As I promote Valley Verified, I can’t help but draw comparisons to the reception of my debut novel The Fraud Squad. It’s a strange paradox: I genuinely believe I’m a stronger writer now than I was back in 2020 when I wrote my first book. The Fraud Squad will always be my baby, but Valley Verified is the book of my heart.

and yet, I know better now than I did a year ago that a book’s success depends just as much—perhaps even more—on its marketability than the quality of its writing. Over the past year, I’ve gotten a behind-the-scenes look at the marketing strategies employed by other authors: hiring publicists, investing in merchandise, orchestrating book tours. It always feels like there’s more I could be doing to maintain visibility in a crowded market and stay relevant in a perpetually evolving industry.

The most palpable shift is the evolution of my relationship with writing. My first book was a passion project conceived without the constraints of external pressures, back when I didn’t even think of getting published. But after The Fraud Squad came out, I’m no longer a completely unknown entity, and that comes with the daunting task of either meeting or defying the expectations set by my initial offering. I’ve grown more aware of reader reviews, more attuned to the likes and dislikes of an audience that I didn’t fully comprehend when I embarked on this journey. and I feel all too acutely the weight of commercial considerations and the unrelenting demands of a market where success is measured in sales figures.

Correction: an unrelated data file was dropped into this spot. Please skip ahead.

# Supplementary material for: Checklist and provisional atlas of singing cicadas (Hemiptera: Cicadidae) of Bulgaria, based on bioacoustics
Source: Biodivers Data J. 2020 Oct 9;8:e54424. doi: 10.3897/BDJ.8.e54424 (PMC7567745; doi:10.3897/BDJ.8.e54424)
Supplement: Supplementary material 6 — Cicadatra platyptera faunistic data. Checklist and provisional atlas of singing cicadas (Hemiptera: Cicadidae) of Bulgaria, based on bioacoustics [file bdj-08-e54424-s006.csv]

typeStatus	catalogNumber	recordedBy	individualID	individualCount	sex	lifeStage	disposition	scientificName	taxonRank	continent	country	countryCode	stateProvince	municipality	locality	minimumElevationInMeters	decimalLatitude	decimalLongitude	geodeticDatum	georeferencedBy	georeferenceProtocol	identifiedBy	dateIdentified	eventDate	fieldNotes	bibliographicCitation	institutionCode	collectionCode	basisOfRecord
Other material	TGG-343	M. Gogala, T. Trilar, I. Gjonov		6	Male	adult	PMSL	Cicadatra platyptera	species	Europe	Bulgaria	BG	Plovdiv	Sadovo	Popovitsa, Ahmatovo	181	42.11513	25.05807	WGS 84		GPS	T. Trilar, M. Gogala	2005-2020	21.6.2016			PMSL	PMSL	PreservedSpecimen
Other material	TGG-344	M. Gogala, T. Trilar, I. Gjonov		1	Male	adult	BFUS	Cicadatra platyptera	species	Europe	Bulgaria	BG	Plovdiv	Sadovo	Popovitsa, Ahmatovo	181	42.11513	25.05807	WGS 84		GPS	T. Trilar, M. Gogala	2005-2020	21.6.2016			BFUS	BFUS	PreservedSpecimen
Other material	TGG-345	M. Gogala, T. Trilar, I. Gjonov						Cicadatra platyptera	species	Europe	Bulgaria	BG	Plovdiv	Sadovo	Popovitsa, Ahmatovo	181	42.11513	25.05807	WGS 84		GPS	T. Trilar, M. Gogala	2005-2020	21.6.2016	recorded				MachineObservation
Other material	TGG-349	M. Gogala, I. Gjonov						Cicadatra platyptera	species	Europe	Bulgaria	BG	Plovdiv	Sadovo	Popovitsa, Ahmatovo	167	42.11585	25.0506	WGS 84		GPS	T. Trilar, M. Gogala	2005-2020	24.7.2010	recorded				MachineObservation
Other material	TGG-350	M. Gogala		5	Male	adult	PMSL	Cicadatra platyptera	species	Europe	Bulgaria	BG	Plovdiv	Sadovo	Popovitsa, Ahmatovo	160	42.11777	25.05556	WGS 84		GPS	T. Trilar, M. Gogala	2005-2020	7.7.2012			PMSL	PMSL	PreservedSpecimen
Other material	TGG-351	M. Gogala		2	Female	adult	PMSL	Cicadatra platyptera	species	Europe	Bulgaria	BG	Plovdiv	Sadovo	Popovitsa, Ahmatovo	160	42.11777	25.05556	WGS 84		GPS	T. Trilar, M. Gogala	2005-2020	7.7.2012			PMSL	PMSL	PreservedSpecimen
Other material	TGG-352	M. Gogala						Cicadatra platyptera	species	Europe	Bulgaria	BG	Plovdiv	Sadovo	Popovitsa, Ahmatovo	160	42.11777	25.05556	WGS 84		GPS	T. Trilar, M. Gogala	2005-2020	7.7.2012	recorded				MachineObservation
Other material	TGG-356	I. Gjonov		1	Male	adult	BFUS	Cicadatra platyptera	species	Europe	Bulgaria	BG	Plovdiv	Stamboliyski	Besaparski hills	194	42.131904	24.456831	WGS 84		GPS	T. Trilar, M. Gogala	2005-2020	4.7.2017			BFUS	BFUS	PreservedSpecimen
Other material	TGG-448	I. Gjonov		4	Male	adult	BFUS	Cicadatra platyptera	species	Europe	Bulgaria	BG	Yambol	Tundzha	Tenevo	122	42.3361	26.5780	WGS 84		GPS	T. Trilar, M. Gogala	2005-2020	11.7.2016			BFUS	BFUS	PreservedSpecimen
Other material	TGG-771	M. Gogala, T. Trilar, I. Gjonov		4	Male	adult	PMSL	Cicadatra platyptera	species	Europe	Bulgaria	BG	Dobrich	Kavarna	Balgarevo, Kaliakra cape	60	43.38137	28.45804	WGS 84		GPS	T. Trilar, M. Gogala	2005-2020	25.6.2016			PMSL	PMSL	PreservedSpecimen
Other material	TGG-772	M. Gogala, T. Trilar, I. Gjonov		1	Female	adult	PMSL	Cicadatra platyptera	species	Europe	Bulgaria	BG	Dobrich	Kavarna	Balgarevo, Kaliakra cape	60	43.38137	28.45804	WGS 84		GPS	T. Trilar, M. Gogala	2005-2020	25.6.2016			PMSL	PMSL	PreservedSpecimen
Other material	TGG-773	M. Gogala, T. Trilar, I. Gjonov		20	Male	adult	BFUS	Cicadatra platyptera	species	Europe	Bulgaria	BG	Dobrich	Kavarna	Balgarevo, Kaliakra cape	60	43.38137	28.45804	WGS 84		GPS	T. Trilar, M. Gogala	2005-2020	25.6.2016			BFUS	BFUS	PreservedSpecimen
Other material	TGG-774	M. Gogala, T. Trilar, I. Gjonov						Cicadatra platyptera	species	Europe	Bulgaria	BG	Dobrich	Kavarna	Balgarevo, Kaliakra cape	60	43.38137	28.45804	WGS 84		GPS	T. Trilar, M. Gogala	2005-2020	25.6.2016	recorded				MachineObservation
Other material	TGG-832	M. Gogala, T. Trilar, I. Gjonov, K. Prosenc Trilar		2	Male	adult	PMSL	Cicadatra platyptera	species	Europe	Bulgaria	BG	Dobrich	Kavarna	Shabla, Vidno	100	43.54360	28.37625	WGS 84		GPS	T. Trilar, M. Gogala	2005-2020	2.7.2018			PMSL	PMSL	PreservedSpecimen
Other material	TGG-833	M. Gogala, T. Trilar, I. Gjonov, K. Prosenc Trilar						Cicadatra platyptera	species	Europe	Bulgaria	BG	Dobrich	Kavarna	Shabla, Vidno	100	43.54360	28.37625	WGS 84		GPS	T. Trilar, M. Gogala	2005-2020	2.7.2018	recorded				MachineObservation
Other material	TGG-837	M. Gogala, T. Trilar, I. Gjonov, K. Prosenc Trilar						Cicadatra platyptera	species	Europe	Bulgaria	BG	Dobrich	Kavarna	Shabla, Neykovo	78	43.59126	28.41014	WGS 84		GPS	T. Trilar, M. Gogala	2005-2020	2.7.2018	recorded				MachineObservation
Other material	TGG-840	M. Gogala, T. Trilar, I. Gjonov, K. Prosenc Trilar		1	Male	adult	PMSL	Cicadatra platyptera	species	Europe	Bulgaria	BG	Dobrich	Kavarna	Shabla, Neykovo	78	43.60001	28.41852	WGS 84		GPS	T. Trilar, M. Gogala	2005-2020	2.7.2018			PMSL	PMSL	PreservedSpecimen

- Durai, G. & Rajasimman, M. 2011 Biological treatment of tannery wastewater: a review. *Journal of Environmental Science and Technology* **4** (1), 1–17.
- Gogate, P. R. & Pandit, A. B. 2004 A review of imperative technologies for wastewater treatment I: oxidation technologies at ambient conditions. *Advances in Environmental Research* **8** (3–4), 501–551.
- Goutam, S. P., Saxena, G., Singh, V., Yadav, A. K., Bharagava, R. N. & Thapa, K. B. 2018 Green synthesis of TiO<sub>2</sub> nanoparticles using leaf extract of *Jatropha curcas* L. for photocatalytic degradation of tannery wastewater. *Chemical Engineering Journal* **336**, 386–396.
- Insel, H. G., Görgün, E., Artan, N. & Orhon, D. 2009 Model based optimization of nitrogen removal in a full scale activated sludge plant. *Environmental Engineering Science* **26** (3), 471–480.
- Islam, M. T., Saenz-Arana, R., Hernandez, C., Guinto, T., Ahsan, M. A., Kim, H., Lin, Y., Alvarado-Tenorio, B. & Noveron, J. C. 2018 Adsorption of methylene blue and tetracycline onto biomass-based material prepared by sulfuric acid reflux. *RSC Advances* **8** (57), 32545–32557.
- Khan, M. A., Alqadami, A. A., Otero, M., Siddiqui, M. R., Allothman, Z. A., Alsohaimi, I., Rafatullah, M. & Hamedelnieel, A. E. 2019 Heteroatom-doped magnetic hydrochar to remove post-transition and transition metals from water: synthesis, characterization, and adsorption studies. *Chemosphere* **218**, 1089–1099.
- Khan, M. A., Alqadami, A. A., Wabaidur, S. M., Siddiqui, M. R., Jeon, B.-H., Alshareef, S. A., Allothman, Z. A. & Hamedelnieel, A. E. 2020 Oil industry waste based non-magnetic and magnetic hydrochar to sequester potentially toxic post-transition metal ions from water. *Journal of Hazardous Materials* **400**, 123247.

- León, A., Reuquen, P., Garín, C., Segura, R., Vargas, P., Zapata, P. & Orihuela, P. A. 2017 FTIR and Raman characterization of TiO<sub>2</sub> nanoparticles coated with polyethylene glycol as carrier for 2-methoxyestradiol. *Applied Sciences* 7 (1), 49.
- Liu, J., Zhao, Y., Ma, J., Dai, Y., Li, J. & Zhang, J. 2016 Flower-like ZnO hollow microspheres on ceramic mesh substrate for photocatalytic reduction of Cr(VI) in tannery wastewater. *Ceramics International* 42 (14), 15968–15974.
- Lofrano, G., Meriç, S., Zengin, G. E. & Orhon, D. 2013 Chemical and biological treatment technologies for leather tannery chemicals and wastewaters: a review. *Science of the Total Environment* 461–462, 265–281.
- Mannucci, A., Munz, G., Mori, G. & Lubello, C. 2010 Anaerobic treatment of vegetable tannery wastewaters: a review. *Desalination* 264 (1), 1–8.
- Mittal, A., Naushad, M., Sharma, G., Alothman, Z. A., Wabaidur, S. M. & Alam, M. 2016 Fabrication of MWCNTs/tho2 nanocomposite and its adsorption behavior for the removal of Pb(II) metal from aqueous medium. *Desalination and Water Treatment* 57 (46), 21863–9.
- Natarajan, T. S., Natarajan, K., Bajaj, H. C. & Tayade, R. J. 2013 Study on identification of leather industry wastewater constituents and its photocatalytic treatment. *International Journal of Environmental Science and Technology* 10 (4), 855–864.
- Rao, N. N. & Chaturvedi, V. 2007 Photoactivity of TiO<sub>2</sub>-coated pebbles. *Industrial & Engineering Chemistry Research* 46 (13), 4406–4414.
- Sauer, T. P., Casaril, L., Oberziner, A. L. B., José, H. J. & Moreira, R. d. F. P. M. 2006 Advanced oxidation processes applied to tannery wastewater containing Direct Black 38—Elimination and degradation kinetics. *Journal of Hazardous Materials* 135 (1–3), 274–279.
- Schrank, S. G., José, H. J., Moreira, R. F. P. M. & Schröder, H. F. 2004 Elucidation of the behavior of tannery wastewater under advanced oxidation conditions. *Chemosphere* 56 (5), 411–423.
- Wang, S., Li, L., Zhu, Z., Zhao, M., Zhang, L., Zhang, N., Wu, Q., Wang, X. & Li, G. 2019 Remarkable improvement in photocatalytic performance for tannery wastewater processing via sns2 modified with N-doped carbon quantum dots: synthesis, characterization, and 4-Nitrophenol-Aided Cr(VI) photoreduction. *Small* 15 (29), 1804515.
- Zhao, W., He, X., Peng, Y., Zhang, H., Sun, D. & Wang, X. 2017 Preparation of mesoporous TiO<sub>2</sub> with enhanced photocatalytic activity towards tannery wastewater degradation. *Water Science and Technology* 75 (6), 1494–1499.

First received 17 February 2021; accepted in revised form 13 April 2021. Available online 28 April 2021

I started writing Valley Verified at a juncture in my life when I felt lost and incapable—not only had I just moved from my hometown of Singapore to live alone in California, but I had also given up my fashion journalist role at Vogue to work for a Silicon Valley tech company. Creating Zoe’s story gave me a safe space to explore my insecurities and fears as I went through two big life and career transitions simultaneously.

Now, my insecurities are rearing their head again. As Valley Verified makes its way out into the world, I’m trying to remind myself that something is meaningful not because of its reception, but because of the authenticity with which it was created. Even if my second book “fails” by objective measures, even if it receives none of the accolades that my debut novel did, that’s okay. My journey in publishing has pushed my skills to a new level, introduced me to an amazing community of book lovers and some of my best friends, and added so much vibrance to my life. I’m a better person now because I chose to be an author.

The innocence from my debut experience may be gone, replaced by a more seasoned understanding of the industry. But I can still hold on tight to everything that drew me to writing in the first place.

Kyla Zhao

Kyla Zhao writes novels starring Asian women in fun settings like high society, the fashion industry, and Silicon Valley. Her first book The Fraud Squad was a book pick by Good Morning America, a #1 new release in Asian-American literature on Kindle, and featured by media outlets such as Vogue, Elle, Cosmopolitan, Buzzfeed and so on. Kyla was also selected by Forbes for its 30 Under 30 list and Tatler as a Leader of Tomorrow. Her second novel Valley Verified was published in January 2024.

Kyla now works in Silicon Valley after graduating from Stanford University in 2021.  She’s still trying to understand why Californians adore hiking and Patagonia fleeces so much. To learn more, visit her website, Instagram, TikTok, or Substack.